Have you heard of bone broth? It's the latest superfood. Reportedly, it can heal wounds, build the immune system, boost bone health and give you glossy hair and strong nails.

It also apparently "heals and seals" your gut to fix the scary-sounding leaky gut syndrome. Instead of queuing for coffee, New Yorkers now stand in line for steaming cups of what lesser mortals may know as stock, in the hope they, too, will reap its amazing benefits.

This reflects an increasing trend in characterising food as medicine. Stories abound in magazines and online of people with un-diagnosable or unhealable conditions transforming themselves through the power of dietary change, often including the elimination of common foods. Sometimes they start a blog about this, which spawns a book and occasionally an empire.

In some cases, changing a diet can have a drastic and incredibly positive effect on an individual's health.


Just ask someone diagnosed with coeliac disease after years of ill-health, or an IBS sufferer who has found relief from debilitating gut problems through the emerging science of the low-FODMAP diet.

Any parent of a food-allergic child would agree that finding an answer to a toddler's poor health is an incredible relief, even if it means enforcing a strictly controlled diet.

These examples have sound, evidence-based science to them. Unfortunately, an awful lot of pseudo-science and anecdote-masquerading-as-evidence can be found in the world of nutrition. "It worked for me" is interesting, but it's not evidence.

You may say, what's the harm? Sharing experiences can be helpful. And that's true, sometimes. But it also has potential to be dangerous.

Think of cancer. If you've had a cancer diagnosis in the family you know this is a time when we are most vulnerable. The temptation to consult Doctor Google is irresistible — and this is often when we're hit with alternative cures, conspiracy theories and seemingly inspiring stories of ordinary people who've cured themselves through diet.

There's no more exploitative example than Belle Gibson, the young Australian who founded a wellness empire based on the story she cured herself of terminal brain cancer through wholefood and natural therapies. She had a hugely successful blog, an app, a recipe book and a massive social media following. But her story was fabricated.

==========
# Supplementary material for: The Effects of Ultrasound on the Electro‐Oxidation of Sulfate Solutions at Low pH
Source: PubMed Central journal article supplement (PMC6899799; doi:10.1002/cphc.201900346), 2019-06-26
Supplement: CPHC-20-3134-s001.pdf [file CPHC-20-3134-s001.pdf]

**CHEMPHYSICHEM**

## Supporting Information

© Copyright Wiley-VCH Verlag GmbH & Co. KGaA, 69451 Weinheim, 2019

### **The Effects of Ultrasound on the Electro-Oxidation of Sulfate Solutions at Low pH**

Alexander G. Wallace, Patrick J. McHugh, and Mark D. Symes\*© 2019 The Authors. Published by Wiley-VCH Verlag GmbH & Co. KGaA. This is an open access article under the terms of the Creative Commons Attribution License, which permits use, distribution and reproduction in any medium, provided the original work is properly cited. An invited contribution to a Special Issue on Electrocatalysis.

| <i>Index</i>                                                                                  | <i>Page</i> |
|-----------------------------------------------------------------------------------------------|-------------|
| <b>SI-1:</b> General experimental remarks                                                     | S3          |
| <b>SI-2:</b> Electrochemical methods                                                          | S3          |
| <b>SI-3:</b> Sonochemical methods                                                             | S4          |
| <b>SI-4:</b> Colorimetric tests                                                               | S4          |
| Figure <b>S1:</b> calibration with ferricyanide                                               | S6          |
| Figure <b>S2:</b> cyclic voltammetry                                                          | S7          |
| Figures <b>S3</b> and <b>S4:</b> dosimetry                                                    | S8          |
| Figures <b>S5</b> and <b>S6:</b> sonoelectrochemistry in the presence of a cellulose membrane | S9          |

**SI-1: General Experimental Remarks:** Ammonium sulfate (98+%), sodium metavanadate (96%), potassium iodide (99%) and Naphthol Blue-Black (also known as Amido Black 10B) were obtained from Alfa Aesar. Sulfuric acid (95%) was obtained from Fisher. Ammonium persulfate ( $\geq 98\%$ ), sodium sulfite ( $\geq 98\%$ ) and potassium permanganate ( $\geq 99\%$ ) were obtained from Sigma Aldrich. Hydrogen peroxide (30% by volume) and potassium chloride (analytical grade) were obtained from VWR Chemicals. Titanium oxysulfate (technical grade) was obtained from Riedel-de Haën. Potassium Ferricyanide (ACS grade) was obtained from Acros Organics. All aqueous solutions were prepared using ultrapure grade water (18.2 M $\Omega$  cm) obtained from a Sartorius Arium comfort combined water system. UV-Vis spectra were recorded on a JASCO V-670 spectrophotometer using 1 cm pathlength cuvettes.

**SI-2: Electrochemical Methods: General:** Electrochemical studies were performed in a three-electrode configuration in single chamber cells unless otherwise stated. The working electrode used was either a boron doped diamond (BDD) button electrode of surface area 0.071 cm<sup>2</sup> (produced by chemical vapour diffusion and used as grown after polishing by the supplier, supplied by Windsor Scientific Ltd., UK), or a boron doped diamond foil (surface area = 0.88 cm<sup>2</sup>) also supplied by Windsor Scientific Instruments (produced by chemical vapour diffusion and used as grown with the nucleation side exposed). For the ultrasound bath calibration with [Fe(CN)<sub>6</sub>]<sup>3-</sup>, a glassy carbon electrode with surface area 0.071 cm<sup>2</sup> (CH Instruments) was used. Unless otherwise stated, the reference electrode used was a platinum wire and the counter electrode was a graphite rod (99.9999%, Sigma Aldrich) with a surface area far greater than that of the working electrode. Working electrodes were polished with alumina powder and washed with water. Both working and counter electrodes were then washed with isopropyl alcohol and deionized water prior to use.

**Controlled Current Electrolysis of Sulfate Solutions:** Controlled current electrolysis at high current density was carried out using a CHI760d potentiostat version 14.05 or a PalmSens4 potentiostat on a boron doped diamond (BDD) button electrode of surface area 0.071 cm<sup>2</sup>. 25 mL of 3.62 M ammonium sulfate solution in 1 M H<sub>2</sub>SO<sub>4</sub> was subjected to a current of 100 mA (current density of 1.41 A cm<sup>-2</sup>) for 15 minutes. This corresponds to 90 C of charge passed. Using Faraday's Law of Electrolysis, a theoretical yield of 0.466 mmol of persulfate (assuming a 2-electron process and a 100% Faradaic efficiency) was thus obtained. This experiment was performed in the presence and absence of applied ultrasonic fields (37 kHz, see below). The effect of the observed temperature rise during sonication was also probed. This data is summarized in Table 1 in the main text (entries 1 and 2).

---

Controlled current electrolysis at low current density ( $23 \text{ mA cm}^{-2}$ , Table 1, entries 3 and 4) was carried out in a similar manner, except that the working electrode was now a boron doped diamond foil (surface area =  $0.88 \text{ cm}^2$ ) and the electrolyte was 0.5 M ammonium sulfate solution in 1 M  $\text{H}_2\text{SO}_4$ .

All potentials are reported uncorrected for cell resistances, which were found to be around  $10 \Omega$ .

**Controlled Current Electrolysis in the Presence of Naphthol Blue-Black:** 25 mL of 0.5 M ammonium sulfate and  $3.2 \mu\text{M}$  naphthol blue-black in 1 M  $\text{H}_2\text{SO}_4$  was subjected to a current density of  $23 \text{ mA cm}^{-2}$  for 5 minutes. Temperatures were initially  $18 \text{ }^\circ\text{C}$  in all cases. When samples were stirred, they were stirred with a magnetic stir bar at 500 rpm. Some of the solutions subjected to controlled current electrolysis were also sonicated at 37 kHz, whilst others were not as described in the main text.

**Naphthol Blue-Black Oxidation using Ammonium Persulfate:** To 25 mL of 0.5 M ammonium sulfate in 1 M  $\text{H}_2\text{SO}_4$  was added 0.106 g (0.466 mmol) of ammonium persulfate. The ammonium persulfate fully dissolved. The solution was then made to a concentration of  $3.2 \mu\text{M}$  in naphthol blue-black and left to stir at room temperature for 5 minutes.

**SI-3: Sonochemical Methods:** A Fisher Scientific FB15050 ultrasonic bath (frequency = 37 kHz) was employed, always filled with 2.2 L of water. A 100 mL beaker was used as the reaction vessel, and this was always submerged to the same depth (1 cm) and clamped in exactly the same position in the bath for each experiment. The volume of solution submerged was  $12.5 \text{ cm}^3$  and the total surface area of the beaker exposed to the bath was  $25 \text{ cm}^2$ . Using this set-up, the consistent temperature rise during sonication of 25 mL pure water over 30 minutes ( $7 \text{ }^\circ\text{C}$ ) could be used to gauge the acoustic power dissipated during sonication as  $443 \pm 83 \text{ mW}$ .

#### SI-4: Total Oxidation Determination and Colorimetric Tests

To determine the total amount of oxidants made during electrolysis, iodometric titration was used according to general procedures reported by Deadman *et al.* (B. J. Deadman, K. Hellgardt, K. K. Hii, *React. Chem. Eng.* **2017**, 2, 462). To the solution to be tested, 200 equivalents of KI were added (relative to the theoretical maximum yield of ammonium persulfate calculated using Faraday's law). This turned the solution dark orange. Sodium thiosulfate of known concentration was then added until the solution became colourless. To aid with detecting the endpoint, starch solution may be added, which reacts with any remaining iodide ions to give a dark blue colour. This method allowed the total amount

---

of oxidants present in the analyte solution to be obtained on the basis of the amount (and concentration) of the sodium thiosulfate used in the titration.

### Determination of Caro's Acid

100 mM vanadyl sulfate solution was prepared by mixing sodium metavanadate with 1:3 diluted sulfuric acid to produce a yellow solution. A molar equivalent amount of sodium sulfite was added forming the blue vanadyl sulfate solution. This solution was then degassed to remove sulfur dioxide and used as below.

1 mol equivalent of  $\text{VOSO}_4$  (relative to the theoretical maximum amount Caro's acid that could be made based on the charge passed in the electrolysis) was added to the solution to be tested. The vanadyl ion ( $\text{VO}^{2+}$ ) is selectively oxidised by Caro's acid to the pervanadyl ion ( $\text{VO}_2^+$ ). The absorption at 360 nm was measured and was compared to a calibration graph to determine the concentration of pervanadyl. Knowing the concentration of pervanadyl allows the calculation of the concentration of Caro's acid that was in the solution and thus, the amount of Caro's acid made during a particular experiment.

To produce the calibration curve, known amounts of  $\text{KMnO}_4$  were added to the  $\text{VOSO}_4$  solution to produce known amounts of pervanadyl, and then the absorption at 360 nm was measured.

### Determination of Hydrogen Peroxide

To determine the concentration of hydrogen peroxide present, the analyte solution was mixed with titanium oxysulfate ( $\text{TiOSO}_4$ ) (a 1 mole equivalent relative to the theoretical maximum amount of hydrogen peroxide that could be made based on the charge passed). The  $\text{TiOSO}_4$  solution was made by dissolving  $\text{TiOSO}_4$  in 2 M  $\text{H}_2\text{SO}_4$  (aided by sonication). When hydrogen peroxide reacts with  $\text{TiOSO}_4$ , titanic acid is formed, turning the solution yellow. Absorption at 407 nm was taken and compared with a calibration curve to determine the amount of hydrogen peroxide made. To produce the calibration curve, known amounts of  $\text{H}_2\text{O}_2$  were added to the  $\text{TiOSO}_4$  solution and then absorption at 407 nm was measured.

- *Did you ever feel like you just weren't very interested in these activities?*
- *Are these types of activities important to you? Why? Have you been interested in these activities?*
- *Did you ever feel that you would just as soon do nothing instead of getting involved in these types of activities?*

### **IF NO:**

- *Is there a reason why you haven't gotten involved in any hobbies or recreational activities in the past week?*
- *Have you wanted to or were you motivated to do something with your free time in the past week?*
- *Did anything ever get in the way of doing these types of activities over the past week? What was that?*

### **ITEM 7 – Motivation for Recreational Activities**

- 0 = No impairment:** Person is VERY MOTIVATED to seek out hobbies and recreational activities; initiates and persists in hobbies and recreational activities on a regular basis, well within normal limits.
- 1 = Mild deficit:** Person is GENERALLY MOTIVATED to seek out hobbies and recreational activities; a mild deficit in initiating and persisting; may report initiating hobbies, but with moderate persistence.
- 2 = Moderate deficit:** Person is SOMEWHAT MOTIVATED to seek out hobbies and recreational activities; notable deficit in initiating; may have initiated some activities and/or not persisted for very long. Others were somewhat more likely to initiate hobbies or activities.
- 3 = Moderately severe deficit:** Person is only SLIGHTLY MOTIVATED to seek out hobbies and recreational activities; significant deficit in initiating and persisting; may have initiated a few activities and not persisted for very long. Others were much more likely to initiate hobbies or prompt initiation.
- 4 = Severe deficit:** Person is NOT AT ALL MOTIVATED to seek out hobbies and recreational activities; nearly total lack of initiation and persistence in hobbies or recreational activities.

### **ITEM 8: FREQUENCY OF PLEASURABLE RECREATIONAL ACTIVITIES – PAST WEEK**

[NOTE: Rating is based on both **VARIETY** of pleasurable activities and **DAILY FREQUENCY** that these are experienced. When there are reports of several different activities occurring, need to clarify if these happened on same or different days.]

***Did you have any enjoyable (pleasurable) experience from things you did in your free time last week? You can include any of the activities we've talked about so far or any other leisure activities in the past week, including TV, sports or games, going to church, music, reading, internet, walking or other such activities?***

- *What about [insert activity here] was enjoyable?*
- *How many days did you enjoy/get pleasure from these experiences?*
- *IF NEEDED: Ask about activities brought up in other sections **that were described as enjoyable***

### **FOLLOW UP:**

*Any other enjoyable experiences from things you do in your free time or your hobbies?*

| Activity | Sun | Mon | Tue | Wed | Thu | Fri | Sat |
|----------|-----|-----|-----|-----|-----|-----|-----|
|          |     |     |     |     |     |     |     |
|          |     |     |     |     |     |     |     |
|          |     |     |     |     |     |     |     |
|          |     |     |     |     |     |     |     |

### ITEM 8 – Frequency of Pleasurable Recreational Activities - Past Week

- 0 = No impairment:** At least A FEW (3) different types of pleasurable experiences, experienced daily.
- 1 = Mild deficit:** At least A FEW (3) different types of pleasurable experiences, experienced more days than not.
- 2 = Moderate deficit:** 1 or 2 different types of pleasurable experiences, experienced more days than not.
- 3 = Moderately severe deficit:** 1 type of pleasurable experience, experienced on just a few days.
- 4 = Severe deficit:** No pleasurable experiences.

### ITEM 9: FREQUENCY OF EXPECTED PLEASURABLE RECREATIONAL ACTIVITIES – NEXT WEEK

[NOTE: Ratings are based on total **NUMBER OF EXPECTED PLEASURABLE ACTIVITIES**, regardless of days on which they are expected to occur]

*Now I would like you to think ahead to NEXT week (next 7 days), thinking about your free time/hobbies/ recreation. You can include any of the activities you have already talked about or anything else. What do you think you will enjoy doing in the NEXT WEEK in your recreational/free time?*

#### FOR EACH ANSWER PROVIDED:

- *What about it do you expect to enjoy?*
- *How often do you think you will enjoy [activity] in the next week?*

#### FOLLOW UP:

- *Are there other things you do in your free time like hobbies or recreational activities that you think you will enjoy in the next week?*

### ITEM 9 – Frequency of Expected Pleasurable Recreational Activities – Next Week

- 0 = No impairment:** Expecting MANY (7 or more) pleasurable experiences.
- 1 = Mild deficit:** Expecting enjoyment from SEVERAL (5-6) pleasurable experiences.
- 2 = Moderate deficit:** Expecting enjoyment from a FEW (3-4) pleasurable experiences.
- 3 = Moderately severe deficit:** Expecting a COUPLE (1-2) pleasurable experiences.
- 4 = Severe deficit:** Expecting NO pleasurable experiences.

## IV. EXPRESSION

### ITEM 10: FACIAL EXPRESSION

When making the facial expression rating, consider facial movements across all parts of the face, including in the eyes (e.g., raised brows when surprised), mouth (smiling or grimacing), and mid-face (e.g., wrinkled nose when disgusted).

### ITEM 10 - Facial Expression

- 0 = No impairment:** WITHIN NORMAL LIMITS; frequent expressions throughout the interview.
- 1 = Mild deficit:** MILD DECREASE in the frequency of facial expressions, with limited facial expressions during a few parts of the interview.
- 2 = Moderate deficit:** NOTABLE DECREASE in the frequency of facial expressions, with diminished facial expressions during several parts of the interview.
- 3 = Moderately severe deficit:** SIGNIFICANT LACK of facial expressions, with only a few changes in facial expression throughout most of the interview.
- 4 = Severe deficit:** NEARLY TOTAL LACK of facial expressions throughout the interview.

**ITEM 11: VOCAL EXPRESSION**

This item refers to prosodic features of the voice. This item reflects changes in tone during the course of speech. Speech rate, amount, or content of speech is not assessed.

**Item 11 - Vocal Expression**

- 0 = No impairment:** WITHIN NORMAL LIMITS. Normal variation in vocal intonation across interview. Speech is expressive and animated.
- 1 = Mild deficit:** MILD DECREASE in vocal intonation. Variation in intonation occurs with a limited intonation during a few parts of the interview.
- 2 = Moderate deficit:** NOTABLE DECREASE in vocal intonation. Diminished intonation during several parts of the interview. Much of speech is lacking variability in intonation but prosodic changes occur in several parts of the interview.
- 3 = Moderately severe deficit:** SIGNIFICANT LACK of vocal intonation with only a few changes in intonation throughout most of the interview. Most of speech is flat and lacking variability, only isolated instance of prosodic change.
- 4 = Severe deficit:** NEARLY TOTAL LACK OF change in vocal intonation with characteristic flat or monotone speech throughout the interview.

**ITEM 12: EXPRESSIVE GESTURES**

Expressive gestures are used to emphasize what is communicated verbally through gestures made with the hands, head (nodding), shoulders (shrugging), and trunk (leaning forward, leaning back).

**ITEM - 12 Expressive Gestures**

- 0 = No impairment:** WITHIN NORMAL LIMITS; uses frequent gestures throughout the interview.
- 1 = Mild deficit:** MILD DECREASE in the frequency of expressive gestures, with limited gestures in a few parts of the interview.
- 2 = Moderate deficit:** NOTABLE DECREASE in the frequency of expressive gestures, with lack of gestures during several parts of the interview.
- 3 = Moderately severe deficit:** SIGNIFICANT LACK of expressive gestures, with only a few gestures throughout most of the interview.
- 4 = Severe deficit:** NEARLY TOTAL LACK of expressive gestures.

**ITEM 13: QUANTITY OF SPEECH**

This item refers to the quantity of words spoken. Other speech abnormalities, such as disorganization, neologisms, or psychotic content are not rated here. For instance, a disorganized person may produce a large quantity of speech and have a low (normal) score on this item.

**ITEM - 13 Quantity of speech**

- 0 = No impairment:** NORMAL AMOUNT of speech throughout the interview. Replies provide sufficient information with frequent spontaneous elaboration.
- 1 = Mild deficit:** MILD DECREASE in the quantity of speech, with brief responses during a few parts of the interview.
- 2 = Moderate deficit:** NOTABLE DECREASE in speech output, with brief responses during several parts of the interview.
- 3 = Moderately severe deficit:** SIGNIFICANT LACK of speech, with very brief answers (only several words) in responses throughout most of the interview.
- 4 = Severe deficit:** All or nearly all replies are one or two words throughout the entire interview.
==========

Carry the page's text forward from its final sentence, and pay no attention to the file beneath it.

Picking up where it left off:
Her followers will likely find solace elsewhere, there's no shortage of "wellness warriors" to take Gibson's place. Bone broth will feature. So will any number of other "superfoods, from coconut oil to cacao. But no single food - no matter its nutritional properties - is going to magically transform our health or cure disease. The "magic food" stories - eat food X to do Y - are overly simplistic. That's not how healthy eating works.

It's time to ditch the superfoods idea and consider instead a super diet. Guess what: it's full of fresh, whole foods and abundant in vegetables. It's light on refined, processed foods, but doesn't eliminate any food group, unless there's a medical reason to do so. It's part of an engaged, active lifestyle, which also includes meaningful relationships and a strong sense of community. People in the so-called Blue Zones - the areas of the world home to the healthiest, longest-lived populations - eat like this, and it has a true benefit: a greatly lowered risk of modern diseases.


We should think of food as prevention, rather than cure. A great diet can help us stay well and prevent disease,and a bad diet can increase our risk.

For the record: stock, or soup, or bone broth is good food. If it's also full of veges, it'll probably be healthy. But don't look for a cure-all solely in the stock pot.

Niki Bezzant is editor-in-chief of Healthy Food Guide magazine. She is the author of two cookbooks and a passionate cook with a lifelong interest in health.